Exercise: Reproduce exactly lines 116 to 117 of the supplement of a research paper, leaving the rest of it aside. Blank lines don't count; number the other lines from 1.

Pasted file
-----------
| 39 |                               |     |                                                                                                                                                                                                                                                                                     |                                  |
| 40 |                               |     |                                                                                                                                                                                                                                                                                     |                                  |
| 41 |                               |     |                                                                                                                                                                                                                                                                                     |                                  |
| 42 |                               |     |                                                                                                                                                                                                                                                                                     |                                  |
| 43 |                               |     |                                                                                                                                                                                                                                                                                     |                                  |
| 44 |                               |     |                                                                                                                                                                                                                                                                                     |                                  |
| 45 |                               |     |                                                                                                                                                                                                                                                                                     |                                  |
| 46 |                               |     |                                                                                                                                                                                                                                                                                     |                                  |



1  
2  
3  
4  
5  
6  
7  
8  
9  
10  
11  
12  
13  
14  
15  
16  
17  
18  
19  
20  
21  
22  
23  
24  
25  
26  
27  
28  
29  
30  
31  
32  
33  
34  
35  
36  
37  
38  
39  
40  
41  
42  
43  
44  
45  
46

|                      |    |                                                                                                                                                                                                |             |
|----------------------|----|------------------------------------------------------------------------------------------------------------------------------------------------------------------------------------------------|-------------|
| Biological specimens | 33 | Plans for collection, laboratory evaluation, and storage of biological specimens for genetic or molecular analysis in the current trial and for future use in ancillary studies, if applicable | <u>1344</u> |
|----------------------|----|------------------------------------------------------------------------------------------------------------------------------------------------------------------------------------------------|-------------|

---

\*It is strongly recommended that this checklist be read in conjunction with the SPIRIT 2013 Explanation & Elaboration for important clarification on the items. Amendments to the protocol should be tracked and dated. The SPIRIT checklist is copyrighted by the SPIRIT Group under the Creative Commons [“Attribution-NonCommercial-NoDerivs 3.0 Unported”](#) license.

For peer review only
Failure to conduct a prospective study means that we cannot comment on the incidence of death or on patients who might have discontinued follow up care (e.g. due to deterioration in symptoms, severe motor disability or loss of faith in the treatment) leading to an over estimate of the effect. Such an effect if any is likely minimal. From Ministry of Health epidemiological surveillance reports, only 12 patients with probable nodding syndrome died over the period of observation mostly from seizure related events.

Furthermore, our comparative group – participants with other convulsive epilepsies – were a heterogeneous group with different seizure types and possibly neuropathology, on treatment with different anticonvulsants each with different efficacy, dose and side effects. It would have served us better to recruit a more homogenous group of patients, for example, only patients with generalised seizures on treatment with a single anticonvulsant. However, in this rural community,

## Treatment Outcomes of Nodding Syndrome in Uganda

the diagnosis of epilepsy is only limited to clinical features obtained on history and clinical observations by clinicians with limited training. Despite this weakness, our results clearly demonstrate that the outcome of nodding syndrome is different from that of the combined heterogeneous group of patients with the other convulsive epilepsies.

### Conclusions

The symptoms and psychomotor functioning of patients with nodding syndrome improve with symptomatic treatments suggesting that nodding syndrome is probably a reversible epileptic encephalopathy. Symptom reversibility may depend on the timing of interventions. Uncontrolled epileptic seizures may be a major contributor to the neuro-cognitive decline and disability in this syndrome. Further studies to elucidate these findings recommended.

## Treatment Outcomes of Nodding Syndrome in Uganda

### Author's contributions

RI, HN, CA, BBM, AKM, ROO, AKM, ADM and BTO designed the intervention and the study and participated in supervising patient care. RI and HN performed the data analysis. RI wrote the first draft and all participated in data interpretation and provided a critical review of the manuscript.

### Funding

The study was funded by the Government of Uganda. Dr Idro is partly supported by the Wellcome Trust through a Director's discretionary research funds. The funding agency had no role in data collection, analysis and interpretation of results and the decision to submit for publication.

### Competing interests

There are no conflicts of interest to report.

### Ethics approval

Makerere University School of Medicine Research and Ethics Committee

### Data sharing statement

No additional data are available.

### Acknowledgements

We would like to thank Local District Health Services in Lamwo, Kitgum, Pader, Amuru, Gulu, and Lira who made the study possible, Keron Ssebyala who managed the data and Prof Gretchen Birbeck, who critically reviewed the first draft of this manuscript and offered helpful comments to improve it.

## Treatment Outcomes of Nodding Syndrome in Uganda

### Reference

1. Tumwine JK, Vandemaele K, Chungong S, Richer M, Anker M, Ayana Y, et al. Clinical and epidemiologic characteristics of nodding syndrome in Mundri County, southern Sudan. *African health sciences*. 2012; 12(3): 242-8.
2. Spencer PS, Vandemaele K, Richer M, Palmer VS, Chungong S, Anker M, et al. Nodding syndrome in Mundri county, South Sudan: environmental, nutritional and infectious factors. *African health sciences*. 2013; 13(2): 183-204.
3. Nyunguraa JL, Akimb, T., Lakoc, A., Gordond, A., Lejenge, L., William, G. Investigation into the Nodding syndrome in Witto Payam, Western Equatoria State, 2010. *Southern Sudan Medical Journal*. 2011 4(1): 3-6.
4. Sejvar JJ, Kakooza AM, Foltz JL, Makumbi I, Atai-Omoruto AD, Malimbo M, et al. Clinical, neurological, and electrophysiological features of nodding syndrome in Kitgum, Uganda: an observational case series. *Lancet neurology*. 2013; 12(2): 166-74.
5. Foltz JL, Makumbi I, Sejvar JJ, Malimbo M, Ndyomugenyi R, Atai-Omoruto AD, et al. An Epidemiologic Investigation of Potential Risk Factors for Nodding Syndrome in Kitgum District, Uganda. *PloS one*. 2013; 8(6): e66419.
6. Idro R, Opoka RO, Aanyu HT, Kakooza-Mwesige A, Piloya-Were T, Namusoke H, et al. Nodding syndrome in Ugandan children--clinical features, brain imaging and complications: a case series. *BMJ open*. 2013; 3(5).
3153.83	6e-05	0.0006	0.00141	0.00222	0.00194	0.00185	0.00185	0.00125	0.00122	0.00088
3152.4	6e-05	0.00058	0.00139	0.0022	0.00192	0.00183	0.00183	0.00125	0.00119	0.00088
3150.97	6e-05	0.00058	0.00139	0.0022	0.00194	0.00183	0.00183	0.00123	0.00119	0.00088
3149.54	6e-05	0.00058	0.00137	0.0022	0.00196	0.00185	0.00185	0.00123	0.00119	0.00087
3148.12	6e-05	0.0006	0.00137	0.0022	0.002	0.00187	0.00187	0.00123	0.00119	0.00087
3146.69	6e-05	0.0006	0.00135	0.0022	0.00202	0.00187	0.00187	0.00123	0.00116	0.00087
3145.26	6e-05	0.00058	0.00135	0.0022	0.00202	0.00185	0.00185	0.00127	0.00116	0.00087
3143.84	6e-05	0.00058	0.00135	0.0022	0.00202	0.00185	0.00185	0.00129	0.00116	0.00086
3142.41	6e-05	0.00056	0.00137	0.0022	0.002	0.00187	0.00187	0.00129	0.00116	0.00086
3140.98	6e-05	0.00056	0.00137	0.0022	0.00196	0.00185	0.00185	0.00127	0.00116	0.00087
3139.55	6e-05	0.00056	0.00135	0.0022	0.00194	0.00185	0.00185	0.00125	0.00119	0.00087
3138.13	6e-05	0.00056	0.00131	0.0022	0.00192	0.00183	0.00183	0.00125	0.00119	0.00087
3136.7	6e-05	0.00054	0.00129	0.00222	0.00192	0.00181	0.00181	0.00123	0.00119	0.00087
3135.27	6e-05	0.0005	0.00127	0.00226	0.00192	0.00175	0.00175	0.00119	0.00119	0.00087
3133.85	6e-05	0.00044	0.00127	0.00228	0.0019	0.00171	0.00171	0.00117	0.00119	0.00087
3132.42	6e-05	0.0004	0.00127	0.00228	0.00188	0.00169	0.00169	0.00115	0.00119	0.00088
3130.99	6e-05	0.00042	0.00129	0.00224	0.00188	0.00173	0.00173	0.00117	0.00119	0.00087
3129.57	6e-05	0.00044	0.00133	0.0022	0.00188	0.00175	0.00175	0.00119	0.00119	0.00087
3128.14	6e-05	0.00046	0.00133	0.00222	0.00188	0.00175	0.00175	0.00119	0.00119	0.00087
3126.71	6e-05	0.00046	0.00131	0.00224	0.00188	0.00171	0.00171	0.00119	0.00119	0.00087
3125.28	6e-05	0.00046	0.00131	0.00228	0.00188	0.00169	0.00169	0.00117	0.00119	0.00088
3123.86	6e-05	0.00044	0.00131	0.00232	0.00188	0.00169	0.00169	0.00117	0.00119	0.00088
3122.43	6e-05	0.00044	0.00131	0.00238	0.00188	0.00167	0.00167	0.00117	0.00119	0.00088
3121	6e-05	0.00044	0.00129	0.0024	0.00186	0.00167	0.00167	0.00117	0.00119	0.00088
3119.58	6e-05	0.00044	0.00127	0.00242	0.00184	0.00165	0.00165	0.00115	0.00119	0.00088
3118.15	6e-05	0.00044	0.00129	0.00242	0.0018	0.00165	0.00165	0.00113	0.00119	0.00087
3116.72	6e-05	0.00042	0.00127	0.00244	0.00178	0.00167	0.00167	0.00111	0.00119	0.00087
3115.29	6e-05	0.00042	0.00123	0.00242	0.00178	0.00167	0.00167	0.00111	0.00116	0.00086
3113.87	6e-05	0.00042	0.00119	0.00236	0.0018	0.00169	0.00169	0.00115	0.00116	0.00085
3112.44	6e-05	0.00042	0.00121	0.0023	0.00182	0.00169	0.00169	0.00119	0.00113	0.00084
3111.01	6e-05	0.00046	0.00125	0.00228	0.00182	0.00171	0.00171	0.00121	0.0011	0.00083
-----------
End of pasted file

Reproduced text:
3115.29	6e-05	0.00042	0.00123	0.00242	0.00178	0.00167	0.00167	0.00111	0.00116	0.00086
3113.87	6e-05	0.00042	0.00119	0.00236	0.0018	0.00169	0.00169	0.00115	0.00116	0.00085